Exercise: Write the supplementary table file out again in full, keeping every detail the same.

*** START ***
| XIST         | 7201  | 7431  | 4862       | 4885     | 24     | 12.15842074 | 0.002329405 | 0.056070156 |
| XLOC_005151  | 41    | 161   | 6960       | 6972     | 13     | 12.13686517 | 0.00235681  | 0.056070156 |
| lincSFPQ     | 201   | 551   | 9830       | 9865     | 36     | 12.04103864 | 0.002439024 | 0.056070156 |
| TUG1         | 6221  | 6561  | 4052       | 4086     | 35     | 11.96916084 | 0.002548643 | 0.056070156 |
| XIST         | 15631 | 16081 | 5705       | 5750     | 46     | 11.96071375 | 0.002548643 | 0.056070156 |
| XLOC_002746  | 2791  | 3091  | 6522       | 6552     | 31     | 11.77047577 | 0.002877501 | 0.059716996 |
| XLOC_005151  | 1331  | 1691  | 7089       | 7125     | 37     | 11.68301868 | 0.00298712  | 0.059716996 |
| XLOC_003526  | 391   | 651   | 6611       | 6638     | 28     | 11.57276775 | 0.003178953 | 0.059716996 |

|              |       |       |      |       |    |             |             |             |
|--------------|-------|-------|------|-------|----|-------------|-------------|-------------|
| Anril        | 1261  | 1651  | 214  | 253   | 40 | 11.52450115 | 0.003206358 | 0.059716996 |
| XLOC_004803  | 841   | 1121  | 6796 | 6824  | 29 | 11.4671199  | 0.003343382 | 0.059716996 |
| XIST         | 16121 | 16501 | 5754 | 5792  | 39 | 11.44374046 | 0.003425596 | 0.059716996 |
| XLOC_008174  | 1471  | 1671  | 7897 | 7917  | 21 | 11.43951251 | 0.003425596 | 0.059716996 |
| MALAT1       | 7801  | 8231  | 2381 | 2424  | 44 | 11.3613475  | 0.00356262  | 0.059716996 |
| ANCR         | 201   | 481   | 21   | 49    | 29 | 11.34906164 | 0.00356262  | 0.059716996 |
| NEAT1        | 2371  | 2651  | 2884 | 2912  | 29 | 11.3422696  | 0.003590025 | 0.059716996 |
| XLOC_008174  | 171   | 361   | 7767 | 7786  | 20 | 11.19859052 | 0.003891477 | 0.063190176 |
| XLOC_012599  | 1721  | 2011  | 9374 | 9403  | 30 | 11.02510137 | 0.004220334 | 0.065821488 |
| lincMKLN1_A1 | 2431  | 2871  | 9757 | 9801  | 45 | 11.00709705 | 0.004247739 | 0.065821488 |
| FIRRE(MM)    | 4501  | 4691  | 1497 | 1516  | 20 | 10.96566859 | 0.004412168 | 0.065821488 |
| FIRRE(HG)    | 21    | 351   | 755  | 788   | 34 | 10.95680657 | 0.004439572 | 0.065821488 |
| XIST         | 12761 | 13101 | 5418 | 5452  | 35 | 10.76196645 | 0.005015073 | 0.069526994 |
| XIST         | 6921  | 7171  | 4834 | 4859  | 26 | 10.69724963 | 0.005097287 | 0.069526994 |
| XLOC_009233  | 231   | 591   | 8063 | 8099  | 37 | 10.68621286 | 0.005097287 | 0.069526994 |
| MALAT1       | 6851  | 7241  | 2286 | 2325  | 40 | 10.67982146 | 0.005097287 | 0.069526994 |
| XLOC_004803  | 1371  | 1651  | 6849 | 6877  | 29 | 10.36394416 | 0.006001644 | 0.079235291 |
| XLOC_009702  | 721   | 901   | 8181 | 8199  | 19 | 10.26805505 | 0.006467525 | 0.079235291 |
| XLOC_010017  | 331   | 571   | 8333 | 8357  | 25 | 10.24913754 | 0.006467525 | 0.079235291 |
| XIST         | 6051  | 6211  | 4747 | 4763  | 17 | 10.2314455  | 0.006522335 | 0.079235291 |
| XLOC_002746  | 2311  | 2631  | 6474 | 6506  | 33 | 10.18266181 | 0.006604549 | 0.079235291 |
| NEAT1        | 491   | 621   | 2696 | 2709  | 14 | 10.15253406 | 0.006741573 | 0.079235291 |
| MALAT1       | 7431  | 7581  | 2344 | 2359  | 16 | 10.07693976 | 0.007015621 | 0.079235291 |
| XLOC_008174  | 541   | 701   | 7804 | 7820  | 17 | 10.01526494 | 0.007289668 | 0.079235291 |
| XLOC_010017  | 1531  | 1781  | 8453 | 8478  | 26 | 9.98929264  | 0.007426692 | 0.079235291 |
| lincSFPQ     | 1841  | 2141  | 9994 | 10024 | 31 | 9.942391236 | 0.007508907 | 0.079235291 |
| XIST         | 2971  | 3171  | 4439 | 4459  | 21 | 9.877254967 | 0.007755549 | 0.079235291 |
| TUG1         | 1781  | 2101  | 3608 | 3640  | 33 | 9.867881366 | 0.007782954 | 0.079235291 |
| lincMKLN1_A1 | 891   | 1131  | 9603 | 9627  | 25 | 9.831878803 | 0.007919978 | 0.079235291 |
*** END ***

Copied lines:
| XIST         | 7201  | 7431  | 4862       | 4885     | 24     | 12.15842074 | 0.002329405 | 0.056070156 |
| XLOC_005151  | 41    | 161   | 6960       | 6972     | 13     | 12.13686517 | 0.00235681  | 0.056070156 |
| lincSFPQ     | 201   | 551   | 9830       | 9865     | 36     | 12.04103864 | 0.002439024 | 0.056070156 |
| TUG1         | 6221  | 6561  | 4052       | 4086     | 35     | 11.96916084 | 0.002548643 | 0.056070156 |
| XIST         | 15631 | 16081 | 5705       | 5750     | 46     | 11.96071375 | 0.002548643 | 0.056070156 |
| XLOC_002746  | 2791  | 3091  | 6522       | 6552     | 31     | 11.77047577 | 0.002877501 | 0.059716996 |
| XLOC_005151  | 1331  | 1691  | 7089       | 7125     | 37     | 11.68301868 | 0.00298712  | 0.059716996 |
| XLOC_003526  | 391   | 651   | 6611       | 6638     | 28     | 11.57276775 | 0.003178953 | 0.059716996 |

|              |       |       |      |       |    |             |             |             |
|--------------|-------|-------|------|-------|----|-------------|-------------|-------------|
| Anril        | 1261  | 1651  | 214  | 253   | 40 | 11.52450115 | 0.003206358 | 0.059716996 |
| XLOC_004803  | 841   | 1121  | 6796 | 6824  | 29 | 11.4671199  | 0.003343382 | 0.059716996 |
| XIST         | 16121 | 16501 | 5754 | 5792  | 39 | 11.44374046 | 0.003425596 | 0.059716996 |
| XLOC_008174  | 1471  | 1671  | 7897 | 7917  | 21 | 11.43951251 | 0.003425596 | 0.059716996 |
| MALAT1       | 7801  | 8231  | 2381 | 2424  | 44 | 11.3613475  | 0.00356262  | 0.059716996 |
| ANCR         | 201   | 481   | 21   | 49    | 29 | 11.34906164 | 0.00356262  | 0.059716996 |
| NEAT1        | 2371  | 2651  | 2884 | 2912  | 29 | 11.3422696  | 0.003590025 | 0.059716996 |
| XLOC_008174  | 171   | 361   | 7767 | 7786  | 20 | 11.19859052 | 0.003891477 | 0.063190176 |
| XLOC_012599  | 1721  | 2011  | 9374 | 9403  | 30 | 11.02510137 | 0.004220334 | 0.065821488 |
| lincMKLN1_A1 | 2431  | 2871  | 9757 | 9801  | 45 | 11.00709705 | 0.004247739 | 0.065821488 |
| FIRRE(MM)    | 4501  | 4691  | 1497 | 1516  | 20 | 10.96566859 | 0.004412168 | 0.065821488 |
| FIRRE(HG)    | 21    | 351   | 755  | 788   | 34 | 10.95680657 | 0.004439572 | 0.065821488 |
| XIST         | 12761 | 13101 | 5418 | 5452  | 35 | 10.76196645 | 0.005015073 | 0.069526994 |
| XIST         | 6921  | 7171  | 4834 | 4859  | 26 | 10.69724963 | 0.005097287 | 0.069526994 |
| XLOC_009233  | 231   | 591   | 8063 | 8099  | 37 | 10.68621286 | 0.005097287 | 0.069526994 |
| MALAT1       | 6851  | 7241  | 2286 | 2325  | 40 | 10.67982146 | 0.005097287 | 0.069526994 |
| XLOC_004803  | 1371  | 1651  | 6849 | 6877  | 29 | 10.36394416 | 0.006001644 | 0.079235291 |
| XLOC_009702  | 721   | 901   | 8181 | 8199  | 19 | 10.26805505 | 0.006467525 | 0.079235291 |
| XLOC_010017  | 331   | 571   | 8333 | 8357  | 25 | 10.24913754 | 0.006467525 | 0.079235291 |
| XIST         | 6051  | 6211  | 4747 | 4763  | 17 | 10.2314455  | 0.006522335 | 0.079235291 |
| XLOC_002746  | 2311  | 2631  | 6474 | 6506  | 33 | 10.18266181 | 0.006604549 | 0.079235291 |
| NEAT1        | 491   | 621   | 2696 | 2709  | 14 | 10.15253406 | 0.006741573 | 0.079235291 |
| MALAT1       | 7431  | 7581  | 2344 | 2359  | 16 | 10.07693976 | 0.007015621 | 0.079235291 |
| XLOC_008174  | 541   | 701   | 7804 | 7820  | 17 | 10.01526494 | 0.007289668 | 0.079235291 |
| XLOC_010017  | 1531  | 1781  | 8453 | 8478  | 26 | 9.98929264  | 0.007426692 | 0.079235291 |
| lincSFPQ     | 1841  | 2141  | 9994 | 10024 | 31 | 9.942391236 | 0.007508907 | 0.079235291 |
| XIST         | 2971  | 3171  | 4439 | 4459  | 21 | 9.877254967 | 0.007755549 | 0.079235291 |
| TUG1         | 1781  | 2101  | 3608 | 3640  | 33 | 9.867881366 | 0.007782954 | 0.079235291 |
| lincMKLN1_A1 | 891   | 1131  | 9603 | 9627  | 25 | 9.831878803 | 0.007919978 | 0.079235291 |